Native bee swarms

Native bee swarms

Once you have your bees at home, you will start to notice some of the interesting behaviours of our Australian native bees.

 

Swarming

Honey bees swarm to establish a new nest.  The whole colony becomes mobile and seeks a new hive location.  Australian native bees do swarm, but for reasons a little different to honey bees. 

 

Fighting swarms

Native bees will fight with another hive, particularly if the hive being attacked is not strong.  Attackers and defenders will fight to the death and it can be pretty distressing to see thousands of bees locked in battle and dying.  However, while there's not much you can do about it, the hive is unlikely to die.  Either the defenders will successfully repel the attackers, or the attackers will win and move in.  Fighting swarms can be identified by:

a lot of bees swarming near the hive
many dead and fighting bees on the ground
 

Mating swarms

These swarms may take place if the queen has died or is starting to fail in the task of egg laying.  A large swarm amasses outside the hive as males prepare for a new virgin queen to take her mating flight.  Mating swarms may continue for a number of days.  Mating swarms can be identified by:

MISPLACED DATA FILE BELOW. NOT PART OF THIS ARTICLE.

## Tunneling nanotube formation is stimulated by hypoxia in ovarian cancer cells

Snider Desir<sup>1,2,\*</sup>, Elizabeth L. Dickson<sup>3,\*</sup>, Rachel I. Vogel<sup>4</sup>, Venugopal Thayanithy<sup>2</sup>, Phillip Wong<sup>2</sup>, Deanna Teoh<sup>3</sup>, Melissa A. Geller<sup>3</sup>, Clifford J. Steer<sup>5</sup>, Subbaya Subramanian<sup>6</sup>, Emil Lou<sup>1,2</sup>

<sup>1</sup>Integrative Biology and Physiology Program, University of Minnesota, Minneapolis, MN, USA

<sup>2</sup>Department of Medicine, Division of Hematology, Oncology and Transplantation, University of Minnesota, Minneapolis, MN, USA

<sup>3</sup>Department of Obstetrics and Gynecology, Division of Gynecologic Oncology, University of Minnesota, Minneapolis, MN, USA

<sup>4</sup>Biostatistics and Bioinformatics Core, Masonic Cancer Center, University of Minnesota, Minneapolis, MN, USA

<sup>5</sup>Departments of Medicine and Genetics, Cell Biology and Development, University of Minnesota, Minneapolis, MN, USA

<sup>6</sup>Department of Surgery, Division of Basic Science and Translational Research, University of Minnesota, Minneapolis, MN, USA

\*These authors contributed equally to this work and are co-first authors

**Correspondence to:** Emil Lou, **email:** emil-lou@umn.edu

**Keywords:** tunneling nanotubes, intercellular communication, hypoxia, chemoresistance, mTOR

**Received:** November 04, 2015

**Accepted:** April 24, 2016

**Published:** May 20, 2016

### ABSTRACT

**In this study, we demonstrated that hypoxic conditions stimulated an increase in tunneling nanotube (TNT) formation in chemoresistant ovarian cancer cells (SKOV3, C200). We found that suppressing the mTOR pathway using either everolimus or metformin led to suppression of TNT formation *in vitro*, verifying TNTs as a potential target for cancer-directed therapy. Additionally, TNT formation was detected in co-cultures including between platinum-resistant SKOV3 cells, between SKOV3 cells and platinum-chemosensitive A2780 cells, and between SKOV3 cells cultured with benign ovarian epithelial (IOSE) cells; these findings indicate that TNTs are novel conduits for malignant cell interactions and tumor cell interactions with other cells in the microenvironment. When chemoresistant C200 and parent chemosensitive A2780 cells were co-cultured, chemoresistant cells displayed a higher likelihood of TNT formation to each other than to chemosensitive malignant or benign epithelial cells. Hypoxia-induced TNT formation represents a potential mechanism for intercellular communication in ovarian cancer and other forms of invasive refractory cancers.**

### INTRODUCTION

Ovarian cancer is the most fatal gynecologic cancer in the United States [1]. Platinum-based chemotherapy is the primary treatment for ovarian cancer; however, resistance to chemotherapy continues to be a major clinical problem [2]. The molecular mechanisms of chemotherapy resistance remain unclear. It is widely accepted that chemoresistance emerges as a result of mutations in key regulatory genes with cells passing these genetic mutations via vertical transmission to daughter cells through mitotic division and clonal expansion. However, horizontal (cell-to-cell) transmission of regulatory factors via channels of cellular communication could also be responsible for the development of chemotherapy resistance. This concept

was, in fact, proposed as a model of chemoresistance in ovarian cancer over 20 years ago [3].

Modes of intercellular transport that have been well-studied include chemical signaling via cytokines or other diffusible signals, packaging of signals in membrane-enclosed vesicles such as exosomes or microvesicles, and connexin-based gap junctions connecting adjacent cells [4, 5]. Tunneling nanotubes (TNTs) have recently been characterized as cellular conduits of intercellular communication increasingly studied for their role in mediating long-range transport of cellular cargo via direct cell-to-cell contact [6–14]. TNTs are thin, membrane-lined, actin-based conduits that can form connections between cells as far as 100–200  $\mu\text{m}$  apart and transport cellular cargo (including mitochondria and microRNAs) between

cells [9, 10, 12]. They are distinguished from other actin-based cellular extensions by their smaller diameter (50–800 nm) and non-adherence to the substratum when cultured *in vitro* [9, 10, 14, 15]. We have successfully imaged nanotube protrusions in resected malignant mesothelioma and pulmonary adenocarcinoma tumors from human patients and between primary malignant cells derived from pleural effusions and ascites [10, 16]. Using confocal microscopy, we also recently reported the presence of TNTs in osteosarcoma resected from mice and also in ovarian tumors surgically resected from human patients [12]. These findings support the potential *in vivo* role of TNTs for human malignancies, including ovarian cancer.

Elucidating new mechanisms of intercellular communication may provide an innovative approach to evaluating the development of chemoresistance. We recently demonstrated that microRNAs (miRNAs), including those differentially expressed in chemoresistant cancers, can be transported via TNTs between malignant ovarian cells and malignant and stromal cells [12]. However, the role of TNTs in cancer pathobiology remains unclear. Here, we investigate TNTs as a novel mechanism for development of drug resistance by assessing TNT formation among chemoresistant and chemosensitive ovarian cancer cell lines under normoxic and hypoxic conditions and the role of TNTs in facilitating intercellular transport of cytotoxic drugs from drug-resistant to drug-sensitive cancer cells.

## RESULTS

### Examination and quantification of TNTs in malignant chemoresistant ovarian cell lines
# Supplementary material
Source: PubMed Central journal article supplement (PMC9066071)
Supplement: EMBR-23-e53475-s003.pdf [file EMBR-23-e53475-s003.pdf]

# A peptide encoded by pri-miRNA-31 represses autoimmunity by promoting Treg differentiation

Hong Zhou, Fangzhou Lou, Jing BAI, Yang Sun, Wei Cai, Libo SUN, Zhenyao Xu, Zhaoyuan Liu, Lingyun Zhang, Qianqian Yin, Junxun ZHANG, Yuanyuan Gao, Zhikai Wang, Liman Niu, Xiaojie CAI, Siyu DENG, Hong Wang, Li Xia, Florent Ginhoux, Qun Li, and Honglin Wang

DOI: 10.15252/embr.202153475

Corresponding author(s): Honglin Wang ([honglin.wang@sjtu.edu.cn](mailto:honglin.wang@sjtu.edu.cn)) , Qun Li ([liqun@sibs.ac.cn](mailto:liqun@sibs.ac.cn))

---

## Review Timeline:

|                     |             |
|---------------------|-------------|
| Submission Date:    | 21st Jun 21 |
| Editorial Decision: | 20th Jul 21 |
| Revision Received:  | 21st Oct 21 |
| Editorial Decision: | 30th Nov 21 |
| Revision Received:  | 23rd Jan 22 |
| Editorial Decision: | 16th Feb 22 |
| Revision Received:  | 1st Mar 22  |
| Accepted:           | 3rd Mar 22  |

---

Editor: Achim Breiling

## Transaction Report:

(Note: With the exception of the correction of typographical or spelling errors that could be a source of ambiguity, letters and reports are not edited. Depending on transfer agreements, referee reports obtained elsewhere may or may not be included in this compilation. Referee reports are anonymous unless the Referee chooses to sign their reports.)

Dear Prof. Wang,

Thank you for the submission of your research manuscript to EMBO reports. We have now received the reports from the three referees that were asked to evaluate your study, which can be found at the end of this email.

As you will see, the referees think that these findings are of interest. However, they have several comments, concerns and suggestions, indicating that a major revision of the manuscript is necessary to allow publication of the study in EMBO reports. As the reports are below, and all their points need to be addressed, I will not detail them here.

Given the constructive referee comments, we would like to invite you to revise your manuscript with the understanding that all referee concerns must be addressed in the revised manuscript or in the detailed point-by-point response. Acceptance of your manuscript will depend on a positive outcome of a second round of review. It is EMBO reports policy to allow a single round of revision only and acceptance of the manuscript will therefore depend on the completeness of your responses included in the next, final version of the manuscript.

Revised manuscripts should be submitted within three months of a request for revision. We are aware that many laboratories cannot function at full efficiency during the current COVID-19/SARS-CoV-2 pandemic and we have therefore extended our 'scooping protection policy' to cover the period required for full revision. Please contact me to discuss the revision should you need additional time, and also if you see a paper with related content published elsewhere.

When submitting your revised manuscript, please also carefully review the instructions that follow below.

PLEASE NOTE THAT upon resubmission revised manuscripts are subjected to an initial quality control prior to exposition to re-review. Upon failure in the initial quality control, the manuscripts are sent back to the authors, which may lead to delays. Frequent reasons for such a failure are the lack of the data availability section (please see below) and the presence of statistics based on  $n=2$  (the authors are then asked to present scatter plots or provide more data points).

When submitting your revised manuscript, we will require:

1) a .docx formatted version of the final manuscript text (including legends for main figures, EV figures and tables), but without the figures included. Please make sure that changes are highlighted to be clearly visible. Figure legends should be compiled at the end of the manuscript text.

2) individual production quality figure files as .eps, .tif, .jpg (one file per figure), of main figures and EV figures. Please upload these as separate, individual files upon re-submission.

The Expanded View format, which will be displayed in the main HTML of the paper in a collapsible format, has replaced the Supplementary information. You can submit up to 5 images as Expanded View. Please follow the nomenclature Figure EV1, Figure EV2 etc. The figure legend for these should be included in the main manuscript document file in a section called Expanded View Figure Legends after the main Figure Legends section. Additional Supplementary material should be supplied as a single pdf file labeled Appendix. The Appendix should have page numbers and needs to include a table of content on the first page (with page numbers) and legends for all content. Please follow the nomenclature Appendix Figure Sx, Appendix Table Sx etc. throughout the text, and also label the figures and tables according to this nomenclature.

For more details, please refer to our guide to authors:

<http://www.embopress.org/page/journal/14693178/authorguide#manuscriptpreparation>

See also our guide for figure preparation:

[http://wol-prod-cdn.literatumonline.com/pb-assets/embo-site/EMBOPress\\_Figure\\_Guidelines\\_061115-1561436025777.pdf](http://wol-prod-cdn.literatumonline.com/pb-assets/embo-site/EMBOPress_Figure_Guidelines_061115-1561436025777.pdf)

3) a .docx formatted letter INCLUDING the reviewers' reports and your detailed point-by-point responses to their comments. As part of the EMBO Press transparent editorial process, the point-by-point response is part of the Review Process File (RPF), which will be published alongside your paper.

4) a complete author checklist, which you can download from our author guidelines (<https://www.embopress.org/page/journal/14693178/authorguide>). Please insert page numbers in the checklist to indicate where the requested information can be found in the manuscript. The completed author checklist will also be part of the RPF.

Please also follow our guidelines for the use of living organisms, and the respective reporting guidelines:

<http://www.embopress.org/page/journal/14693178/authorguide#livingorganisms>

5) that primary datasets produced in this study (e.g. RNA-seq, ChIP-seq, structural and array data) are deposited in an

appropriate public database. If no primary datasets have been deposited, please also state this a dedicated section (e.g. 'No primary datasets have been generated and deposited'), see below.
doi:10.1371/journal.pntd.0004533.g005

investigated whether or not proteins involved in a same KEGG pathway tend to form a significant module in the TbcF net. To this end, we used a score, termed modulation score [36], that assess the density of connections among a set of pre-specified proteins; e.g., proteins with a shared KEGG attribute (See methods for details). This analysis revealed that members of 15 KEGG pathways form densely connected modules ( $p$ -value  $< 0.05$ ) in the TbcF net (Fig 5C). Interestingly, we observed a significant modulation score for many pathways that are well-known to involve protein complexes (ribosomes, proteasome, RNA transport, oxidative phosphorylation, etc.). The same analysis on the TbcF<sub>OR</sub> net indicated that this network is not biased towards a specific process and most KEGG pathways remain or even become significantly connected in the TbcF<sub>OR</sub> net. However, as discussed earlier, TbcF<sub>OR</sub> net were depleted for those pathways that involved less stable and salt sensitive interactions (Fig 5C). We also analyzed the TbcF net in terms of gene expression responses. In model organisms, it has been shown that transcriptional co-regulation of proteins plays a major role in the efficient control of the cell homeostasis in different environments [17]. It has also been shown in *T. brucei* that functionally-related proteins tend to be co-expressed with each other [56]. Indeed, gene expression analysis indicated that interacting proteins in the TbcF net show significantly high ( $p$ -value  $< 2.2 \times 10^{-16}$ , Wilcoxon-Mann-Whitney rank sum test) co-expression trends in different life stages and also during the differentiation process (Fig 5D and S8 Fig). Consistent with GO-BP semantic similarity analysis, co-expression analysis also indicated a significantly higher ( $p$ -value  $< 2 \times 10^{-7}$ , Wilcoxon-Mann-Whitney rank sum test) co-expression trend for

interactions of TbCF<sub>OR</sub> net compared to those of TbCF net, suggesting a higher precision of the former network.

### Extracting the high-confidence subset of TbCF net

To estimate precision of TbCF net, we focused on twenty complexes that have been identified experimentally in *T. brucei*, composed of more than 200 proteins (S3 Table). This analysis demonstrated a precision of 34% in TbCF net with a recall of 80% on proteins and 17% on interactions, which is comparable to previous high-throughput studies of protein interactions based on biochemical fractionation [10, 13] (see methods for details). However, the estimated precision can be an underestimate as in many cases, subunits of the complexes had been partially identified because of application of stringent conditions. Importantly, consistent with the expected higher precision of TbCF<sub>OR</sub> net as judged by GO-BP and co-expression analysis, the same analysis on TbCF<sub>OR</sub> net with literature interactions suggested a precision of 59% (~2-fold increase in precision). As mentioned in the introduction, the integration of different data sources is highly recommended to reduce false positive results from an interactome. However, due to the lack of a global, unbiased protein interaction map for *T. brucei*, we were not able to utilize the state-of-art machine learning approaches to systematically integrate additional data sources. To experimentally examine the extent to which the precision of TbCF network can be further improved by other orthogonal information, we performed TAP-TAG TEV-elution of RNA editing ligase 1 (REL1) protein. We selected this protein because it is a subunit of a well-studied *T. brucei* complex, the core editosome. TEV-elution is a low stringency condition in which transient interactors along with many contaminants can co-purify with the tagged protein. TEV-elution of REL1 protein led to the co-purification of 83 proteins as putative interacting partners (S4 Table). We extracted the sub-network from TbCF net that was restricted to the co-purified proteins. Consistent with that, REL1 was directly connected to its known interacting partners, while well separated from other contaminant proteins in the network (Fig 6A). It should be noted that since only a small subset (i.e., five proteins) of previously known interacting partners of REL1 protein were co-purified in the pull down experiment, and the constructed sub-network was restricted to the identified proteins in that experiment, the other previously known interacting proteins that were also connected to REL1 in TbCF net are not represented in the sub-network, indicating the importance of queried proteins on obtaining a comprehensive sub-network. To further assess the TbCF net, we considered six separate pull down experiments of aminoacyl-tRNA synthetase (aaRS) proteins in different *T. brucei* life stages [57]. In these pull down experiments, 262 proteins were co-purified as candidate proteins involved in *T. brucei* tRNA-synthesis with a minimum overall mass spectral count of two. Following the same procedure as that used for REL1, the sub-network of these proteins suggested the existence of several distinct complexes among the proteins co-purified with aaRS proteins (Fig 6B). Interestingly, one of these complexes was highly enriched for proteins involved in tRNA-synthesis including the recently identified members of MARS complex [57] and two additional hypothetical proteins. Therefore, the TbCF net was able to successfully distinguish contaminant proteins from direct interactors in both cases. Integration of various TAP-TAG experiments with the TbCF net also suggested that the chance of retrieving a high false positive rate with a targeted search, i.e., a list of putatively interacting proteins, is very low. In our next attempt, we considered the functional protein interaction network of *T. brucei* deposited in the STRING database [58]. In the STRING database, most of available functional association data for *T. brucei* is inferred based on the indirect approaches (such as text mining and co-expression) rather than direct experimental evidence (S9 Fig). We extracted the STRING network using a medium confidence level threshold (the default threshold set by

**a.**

a lot of bees swarming near the hive
some casualties
male bees roosting nearby in the evening
 

Defensive swarms

If the hive feels threatened, it will perform a defensive swarm as a show of strength to deter attackers.  Defensive swarms can be identified by:

a lot of bees swarming near the hive
little or no casualties
 

Establishing a new hive

When Australian native bees ae ready to start a new hive, they will seek a suitable location and over some weeks begin construction.  Once the new hive is ready for a queen, a new virgin queen is flown to the  new location and mated.  The old hive is not abandoned and continues to function as normal.  Australian native bees will not usually abandon a hive.